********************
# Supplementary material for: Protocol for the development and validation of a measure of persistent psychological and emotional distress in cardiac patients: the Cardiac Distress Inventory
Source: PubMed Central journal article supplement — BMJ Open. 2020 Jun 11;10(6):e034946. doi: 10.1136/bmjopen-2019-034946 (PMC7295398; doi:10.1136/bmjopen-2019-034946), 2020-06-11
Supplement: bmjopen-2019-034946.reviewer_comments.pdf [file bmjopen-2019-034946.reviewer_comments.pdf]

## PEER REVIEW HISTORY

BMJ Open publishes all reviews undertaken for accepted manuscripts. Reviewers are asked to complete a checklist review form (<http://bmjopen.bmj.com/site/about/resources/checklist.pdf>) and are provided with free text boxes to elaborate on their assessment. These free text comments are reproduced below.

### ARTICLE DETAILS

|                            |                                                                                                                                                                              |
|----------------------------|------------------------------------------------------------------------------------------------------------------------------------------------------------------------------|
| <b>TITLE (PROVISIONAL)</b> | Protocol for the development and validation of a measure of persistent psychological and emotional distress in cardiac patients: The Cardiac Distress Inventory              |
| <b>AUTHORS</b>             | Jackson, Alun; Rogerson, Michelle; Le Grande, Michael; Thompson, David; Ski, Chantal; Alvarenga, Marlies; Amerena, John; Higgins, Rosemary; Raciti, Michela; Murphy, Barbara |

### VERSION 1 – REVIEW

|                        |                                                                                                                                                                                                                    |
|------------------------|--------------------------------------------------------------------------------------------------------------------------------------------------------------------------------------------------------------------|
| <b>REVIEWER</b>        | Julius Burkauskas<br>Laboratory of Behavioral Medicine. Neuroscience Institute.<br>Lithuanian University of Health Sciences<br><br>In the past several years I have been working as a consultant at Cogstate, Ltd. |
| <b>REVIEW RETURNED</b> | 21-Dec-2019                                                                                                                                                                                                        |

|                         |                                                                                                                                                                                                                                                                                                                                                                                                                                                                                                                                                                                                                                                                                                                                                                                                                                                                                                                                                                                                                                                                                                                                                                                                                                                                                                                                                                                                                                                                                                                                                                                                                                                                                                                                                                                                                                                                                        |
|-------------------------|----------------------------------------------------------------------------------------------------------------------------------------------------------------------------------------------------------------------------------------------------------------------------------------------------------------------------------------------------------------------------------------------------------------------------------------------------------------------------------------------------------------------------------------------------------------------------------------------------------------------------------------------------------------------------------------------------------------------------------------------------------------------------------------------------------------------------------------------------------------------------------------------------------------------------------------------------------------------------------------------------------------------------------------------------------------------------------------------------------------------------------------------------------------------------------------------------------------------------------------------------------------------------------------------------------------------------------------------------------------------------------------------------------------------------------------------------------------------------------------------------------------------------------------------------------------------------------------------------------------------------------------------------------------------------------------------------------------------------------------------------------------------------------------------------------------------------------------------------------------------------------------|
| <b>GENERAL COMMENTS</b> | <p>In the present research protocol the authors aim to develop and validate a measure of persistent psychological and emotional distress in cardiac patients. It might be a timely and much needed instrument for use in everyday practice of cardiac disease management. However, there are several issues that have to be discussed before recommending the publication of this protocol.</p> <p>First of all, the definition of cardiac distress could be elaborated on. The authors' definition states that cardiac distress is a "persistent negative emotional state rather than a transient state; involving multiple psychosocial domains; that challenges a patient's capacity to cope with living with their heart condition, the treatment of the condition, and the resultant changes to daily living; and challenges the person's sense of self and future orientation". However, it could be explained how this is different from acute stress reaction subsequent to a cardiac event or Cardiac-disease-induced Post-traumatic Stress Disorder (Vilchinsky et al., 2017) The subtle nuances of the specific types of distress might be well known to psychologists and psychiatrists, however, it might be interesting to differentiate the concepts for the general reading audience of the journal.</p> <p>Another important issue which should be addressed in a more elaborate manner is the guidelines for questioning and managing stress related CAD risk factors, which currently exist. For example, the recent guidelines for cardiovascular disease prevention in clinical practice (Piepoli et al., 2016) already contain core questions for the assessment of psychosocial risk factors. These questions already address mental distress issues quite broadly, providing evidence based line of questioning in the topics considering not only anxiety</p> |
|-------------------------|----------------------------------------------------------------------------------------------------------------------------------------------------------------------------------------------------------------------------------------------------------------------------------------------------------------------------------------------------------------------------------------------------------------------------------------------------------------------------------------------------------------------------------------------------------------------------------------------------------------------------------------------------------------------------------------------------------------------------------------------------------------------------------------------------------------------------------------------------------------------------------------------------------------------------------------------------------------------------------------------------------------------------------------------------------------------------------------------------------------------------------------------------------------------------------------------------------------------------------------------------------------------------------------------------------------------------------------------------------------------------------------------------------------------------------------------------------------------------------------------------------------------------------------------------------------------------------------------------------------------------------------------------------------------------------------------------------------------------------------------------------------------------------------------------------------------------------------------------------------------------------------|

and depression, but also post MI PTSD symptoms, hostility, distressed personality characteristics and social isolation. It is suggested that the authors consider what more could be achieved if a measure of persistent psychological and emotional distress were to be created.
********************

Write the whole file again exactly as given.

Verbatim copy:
# Supplementary material for: Protocol for the development and validation of a measure of persistent psychological and emotional distress in cardiac patients: the Cardiac Distress Inventory
Source: PubMed Central journal article supplement — BMJ Open. 2020 Jun 11;10(6):e034946. doi: 10.1136/bmjopen-2019-034946 (PMC7295398; doi:10.1136/bmjopen-2019-034946), 2020-06-11
Supplement: bmjopen-2019-034946.reviewer_comments.pdf [file bmjopen-2019-034946.reviewer_comments.pdf]

## PEER REVIEW HISTORY

BMJ Open publishes all reviews undertaken for accepted manuscripts. Reviewers are asked to complete a checklist review form (<http://bmjopen.bmj.com/site/about/resources/checklist.pdf>) and are provided with free text boxes to elaborate on their assessment. These free text comments are reproduced below.

### ARTICLE DETAILS

|                            |                                                                                                                                                                              |
|----------------------------|------------------------------------------------------------------------------------------------------------------------------------------------------------------------------|
| <b>TITLE (PROVISIONAL)</b> | Protocol for the development and validation of a measure of persistent psychological and emotional distress in cardiac patients: The Cardiac Distress Inventory              |
| <b>AUTHORS</b>             | Jackson, Alun; Rogerson, Michelle; Le Grande, Michael; Thompson, David; Ski, Chantal; Alvarenga, Marlies; Amerena, John; Higgins, Rosemary; Raciti, Michela; Murphy, Barbara |

### VERSION 1 – REVIEW

|                        |                                                                                                                                                                                                                    |
|------------------------|--------------------------------------------------------------------------------------------------------------------------------------------------------------------------------------------------------------------|
| <b>REVIEWER</b>        | Julius Burkauskas<br>Laboratory of Behavioral Medicine. Neuroscience Institute.<br>Lithuanian University of Health Sciences<br><br>In the past several years I have been working as a consultant at Cogstate, Ltd. |
| <b>REVIEW RETURNED</b> | 21-Dec-2019                                                                                                                                                                                                        |

|                         |                                                                                                                                                                                                                                                                                                                                                                                                                                                                                                                                                                                                                                                                                                                                                                                                                                                                                                                                                                                                                                                                                                                                                                                                                                                                                                                                                                                                                                                                                                                                                                                                                                                                                                                                                                                                                                                                                        |
|-------------------------|----------------------------------------------------------------------------------------------------------------------------------------------------------------------------------------------------------------------------------------------------------------------------------------------------------------------------------------------------------------------------------------------------------------------------------------------------------------------------------------------------------------------------------------------------------------------------------------------------------------------------------------------------------------------------------------------------------------------------------------------------------------------------------------------------------------------------------------------------------------------------------------------------------------------------------------------------------------------------------------------------------------------------------------------------------------------------------------------------------------------------------------------------------------------------------------------------------------------------------------------------------------------------------------------------------------------------------------------------------------------------------------------------------------------------------------------------------------------------------------------------------------------------------------------------------------------------------------------------------------------------------------------------------------------------------------------------------------------------------------------------------------------------------------------------------------------------------------------------------------------------------------|
| <b>GENERAL COMMENTS</b> | <p>In the present research protocol the authors aim to develop and validate a measure of persistent psychological and emotional distress in cardiac patients. It might be a timely and much needed instrument for use in everyday practice of cardiac disease management. However, there are several issues that have to be discussed before recommending the publication of this protocol.</p> <p>First of all, the definition of cardiac distress could be elaborated on. The authors' definition states that cardiac distress is a "persistent negative emotional state rather than a transient state; involving multiple psychosocial domains; that challenges a patient's capacity to cope with living with their heart condition, the treatment of the condition, and the resultant changes to daily living; and challenges the person's sense of self and future orientation". However, it could be explained how this is different from acute stress reaction subsequent to a cardiac event or Cardiac-disease-induced Post-traumatic Stress Disorder (Vilchinsky et al., 2017) The subtle nuances of the specific types of distress might be well known to psychologists and psychiatrists, however, it might be interesting to differentiate the concepts for the general reading audience of the journal.</p> <p>Another important issue which should be addressed in a more elaborate manner is the guidelines for questioning and managing stress related CAD risk factors, which currently exist. For example, the recent guidelines for cardiovascular disease prevention in clinical practice (Piepoli et al., 2016) already contain core questions for the assessment of psychosocial risk factors. These questions already address mental distress issues quite broadly, providing evidence based line of questioning in the topics considering not only anxiety</p> |
|-------------------------|----------------------------------------------------------------------------------------------------------------------------------------------------------------------------------------------------------------------------------------------------------------------------------------------------------------------------------------------------------------------------------------------------------------------------------------------------------------------------------------------------------------------------------------------------------------------------------------------------------------------------------------------------------------------------------------------------------------------------------------------------------------------------------------------------------------------------------------------------------------------------------------------------------------------------------------------------------------------------------------------------------------------------------------------------------------------------------------------------------------------------------------------------------------------------------------------------------------------------------------------------------------------------------------------------------------------------------------------------------------------------------------------------------------------------------------------------------------------------------------------------------------------------------------------------------------------------------------------------------------------------------------------------------------------------------------------------------------------------------------------------------------------------------------------------------------------------------------------------------------------------------------|

and depression, but also post MI PTSD symptoms, hostility, distressed personality characteristics and social isolation. It is suggested that the authors consider what more could be achieved if a measure of persistent psychological and emotional distress were to be created.